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Flu With Bad Diarrhea

author image Heather Gloria
Heather Gloria began writing professionally in 1990. Her work has appeared in several professional and peer-reviewed publications including "Nutrition in Clinical Practice." Gloria earned both a Bachelor of Science in food science and human nutrition from the University of Illinois. She also maintains the "registered dietitian" credential and her professional interests include therapeutic nutrition, preventive medicine and women's health.
Flu With Bad Diarrhea
A flu with bad diarrhea means spending a lot of time in the bathroom.

Doctors call it acute viral gastroenteritis. Unlike “true” flu, which is caused by the influenza virus, common causes of viral gastroenteritis include rotavirus, norovirus, astrovirus, adenovirus and many more. Formal diagnostic testing is rarely performed because the disease is so easily identified on the basis of its major symptom--severe, watery diarrhea.

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The Centers for Disease Control and Prevention (CDC) reports that symptoms usually start one to two days after exposure to the causative agent. In many cases, patients can identify the source by a review of sick contacts or exposures to suspect food or water.


According to, symptoms usually last just a day or two. However, in rare cases, they may last for up to 10 days. People with more persistent symptoms should contact their physician for advice.

Associated Symptoms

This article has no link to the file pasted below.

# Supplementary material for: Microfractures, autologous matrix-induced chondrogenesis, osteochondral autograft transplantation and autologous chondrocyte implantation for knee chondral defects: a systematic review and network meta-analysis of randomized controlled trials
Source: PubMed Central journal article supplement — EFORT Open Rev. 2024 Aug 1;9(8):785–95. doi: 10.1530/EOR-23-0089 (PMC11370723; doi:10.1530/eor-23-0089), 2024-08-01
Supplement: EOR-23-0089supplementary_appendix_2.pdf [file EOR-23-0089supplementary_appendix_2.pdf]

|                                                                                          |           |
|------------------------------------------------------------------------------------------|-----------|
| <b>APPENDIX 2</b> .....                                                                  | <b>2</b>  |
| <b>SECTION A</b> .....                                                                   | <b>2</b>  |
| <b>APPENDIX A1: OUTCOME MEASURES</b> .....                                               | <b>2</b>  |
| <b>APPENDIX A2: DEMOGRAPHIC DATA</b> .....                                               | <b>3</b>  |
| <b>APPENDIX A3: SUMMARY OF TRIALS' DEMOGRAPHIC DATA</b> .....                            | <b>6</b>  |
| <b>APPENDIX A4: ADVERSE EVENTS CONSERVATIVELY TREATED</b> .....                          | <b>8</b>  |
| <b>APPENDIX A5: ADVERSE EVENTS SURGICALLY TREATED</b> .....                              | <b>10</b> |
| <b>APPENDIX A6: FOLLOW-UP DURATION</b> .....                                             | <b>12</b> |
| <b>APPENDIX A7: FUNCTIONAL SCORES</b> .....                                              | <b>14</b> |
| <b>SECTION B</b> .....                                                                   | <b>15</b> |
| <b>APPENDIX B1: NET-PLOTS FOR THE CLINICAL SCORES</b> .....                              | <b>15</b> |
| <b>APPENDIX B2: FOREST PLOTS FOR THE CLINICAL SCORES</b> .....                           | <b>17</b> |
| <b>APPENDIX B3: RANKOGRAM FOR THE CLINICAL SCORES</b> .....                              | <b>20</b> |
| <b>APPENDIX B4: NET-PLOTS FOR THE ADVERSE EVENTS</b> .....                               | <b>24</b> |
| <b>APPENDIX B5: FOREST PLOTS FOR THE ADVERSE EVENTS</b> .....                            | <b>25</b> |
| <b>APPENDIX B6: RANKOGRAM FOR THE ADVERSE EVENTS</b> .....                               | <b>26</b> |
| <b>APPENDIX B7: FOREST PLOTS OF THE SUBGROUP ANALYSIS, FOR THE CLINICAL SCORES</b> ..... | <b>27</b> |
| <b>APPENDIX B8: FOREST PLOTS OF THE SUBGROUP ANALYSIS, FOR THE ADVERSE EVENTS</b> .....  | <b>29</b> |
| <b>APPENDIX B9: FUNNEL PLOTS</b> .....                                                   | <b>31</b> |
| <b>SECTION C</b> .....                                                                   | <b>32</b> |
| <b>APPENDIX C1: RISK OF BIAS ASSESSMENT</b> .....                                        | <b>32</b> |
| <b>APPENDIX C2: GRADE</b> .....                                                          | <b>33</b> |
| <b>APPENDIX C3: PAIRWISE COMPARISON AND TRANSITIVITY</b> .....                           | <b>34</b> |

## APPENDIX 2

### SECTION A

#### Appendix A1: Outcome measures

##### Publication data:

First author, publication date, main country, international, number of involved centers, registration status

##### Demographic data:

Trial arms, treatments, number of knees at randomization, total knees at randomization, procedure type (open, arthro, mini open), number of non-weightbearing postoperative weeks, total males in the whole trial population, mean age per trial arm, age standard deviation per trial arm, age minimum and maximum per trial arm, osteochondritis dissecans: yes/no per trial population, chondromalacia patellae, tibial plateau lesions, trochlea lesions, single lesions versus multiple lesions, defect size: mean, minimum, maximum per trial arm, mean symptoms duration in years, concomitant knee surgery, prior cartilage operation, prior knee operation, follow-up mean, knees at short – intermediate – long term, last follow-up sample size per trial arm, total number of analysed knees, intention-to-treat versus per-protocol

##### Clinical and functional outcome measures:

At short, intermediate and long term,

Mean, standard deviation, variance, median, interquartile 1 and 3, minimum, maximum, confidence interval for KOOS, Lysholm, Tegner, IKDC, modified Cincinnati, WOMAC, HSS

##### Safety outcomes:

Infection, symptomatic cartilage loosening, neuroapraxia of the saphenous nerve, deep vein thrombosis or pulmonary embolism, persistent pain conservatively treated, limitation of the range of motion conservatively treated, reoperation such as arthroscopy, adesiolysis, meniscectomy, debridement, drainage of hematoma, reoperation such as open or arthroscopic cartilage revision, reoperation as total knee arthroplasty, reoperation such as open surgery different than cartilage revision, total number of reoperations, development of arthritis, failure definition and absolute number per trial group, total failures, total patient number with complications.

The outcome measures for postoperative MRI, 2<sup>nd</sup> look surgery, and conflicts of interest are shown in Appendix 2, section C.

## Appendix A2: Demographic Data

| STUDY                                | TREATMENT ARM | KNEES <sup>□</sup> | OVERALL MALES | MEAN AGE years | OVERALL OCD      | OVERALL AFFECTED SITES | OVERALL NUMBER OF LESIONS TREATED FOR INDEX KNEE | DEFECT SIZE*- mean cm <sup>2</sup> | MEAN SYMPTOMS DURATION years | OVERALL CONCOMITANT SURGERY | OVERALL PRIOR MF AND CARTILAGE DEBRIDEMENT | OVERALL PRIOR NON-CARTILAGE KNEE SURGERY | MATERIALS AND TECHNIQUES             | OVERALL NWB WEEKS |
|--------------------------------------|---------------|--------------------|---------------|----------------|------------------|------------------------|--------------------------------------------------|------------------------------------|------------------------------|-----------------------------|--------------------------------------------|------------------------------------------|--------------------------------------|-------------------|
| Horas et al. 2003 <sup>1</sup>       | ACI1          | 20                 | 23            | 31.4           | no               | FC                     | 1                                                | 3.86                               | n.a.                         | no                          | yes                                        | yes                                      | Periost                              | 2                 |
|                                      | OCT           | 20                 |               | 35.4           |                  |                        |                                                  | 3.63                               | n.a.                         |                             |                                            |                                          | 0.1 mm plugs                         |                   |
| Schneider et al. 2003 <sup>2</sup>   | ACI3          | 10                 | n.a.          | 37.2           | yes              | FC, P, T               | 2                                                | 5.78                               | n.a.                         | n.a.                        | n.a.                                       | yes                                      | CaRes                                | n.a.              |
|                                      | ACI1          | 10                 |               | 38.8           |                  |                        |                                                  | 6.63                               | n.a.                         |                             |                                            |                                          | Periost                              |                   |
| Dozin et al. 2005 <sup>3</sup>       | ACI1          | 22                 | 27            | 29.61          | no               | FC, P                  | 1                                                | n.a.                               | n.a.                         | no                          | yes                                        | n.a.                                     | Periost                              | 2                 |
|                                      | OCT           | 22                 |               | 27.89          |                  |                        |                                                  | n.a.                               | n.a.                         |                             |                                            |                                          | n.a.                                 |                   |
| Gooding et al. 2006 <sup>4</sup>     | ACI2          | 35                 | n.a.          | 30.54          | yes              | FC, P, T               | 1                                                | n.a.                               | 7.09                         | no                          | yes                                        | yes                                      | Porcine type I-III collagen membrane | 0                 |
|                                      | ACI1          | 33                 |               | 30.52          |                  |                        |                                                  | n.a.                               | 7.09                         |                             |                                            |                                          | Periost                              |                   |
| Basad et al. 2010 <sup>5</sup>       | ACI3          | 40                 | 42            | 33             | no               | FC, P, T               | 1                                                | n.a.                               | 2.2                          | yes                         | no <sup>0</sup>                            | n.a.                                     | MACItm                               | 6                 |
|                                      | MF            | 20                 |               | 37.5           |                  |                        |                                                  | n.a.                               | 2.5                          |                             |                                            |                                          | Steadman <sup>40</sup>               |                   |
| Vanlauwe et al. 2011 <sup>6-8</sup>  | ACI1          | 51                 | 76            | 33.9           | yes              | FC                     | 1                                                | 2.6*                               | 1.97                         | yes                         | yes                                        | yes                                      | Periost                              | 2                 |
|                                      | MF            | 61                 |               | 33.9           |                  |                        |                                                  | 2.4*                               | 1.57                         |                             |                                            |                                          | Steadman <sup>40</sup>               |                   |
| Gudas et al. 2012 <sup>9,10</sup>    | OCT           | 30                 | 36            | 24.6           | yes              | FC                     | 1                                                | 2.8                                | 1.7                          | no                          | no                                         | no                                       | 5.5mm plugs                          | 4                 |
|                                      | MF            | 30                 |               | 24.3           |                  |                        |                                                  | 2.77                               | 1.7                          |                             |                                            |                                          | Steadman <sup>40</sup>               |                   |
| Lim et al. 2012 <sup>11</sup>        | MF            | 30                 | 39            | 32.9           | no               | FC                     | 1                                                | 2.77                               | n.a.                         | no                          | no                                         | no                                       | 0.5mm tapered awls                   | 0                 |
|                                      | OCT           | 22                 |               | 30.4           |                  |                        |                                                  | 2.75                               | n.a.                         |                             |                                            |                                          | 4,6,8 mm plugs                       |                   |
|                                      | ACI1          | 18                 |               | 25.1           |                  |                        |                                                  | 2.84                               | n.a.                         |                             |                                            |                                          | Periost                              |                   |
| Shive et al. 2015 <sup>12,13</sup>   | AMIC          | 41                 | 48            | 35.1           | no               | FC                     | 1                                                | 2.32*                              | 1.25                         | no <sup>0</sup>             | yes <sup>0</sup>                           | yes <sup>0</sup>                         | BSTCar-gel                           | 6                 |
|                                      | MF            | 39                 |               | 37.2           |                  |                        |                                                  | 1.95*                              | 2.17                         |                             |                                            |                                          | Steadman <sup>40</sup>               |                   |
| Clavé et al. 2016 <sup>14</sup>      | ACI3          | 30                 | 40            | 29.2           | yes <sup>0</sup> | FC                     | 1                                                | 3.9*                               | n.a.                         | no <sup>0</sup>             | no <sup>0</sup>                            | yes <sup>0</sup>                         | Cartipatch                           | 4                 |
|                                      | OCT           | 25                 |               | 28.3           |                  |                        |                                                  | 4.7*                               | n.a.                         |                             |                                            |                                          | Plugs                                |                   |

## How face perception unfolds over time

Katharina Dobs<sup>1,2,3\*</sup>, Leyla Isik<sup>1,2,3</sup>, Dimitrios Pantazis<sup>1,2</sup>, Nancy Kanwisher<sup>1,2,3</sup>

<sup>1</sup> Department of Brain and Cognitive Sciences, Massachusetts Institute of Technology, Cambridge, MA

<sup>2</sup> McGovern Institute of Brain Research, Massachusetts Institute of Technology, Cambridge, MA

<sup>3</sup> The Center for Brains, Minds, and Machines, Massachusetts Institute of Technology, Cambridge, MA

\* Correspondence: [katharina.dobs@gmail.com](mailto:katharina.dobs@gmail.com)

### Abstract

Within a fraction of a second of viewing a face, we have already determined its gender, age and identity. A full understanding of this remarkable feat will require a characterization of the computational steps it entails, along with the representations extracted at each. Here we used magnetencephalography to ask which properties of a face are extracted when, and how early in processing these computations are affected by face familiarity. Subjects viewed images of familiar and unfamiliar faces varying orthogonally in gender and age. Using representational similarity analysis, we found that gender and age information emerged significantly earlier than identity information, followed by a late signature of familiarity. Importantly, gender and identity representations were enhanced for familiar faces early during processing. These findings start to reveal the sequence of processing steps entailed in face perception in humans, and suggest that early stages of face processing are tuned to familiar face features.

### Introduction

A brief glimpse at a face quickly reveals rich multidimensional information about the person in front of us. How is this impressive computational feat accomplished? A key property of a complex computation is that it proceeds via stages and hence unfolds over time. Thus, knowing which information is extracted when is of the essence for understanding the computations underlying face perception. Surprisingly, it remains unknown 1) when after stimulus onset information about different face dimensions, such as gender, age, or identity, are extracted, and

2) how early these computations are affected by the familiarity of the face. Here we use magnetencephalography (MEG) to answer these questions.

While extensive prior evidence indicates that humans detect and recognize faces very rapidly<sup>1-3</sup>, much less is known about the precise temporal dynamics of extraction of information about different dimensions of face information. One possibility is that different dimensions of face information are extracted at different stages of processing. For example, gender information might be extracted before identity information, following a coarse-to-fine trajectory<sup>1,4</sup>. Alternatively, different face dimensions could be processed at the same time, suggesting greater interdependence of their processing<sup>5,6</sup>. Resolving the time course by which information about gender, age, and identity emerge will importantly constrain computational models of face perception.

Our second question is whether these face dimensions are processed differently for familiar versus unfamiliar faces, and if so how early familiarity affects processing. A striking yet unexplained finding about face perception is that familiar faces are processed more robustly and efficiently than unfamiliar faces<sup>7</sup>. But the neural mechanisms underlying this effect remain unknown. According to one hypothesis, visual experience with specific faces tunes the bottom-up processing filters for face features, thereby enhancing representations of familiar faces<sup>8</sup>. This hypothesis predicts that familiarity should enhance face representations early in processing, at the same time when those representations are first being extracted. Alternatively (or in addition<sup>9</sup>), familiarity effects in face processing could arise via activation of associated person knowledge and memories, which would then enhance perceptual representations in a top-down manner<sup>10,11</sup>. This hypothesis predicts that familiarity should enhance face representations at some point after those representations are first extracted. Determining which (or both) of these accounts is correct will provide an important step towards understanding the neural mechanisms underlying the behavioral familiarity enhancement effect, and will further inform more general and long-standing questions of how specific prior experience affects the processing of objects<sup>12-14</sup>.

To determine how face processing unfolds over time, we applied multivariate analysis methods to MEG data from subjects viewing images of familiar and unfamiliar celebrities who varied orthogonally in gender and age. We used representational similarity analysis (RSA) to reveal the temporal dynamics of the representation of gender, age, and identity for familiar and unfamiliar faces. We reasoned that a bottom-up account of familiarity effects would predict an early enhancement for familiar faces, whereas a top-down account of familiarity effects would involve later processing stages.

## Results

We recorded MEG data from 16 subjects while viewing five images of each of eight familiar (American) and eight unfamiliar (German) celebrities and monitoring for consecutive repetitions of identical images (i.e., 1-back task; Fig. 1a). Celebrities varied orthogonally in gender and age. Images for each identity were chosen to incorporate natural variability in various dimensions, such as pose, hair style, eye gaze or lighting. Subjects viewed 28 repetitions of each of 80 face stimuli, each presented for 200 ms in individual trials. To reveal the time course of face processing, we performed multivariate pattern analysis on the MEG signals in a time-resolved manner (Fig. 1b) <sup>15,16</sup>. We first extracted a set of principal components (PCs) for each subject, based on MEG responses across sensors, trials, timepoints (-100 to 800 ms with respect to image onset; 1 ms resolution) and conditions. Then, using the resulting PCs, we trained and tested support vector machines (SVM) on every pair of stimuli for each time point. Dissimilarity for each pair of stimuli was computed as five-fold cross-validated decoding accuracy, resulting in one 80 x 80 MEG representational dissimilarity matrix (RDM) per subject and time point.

In addition to diarrhea, common complaints include nausea, vomiting, cramps/abdominal pain, headache, muscle aches and low-grade fever. Diarrhea due to viral gastroenteritis is watery; bloody diarrhea warrants a trip to the doctor.


Physicians Joan Butterton and Stephen Calderwood caution in “Harrison’s Principles of Internal Medicine” that acute diarrheal illnesses such as viral gastroenteritis constitute a major cause of severe illness and death in developing countries, mainly due to dehydration. Although death is rare in the United States due to the availability of simple medical treatments such as intravenous hydration, caregivers of young children, the elderly and people with other medical problems still should remain vigilant for signs of dangerous fluid depletion.


Unfortunately, CDC officials advise that there is no specific cure for viral gastroenteritis. Caregivers should concentrate on replenishing fluids and electrolytes lost in the diarrhea. According to the American Academy of Family Physicians, good choices include diluted juice, broth, sports drinks and oral rehydration solutions. Commercial brands include Pedialyte and Ricelyte. Caregivers can make their own solution by combining 8 tsp. sugar, 1 tsp. salt, 1 cup orange juice and 4 c. water.


According to the Mayo Clinic, most cases of viral gastroenteritis can be prevented by good health habits such as washing hands after using the bathroom and before eating, following safe food handling techniques and avoiding suspect food and water. After caring for someone with viral gastroenteritis, caregivers should thoroughly clean objects the sick person has handled, including linens, utensils and even door handles.

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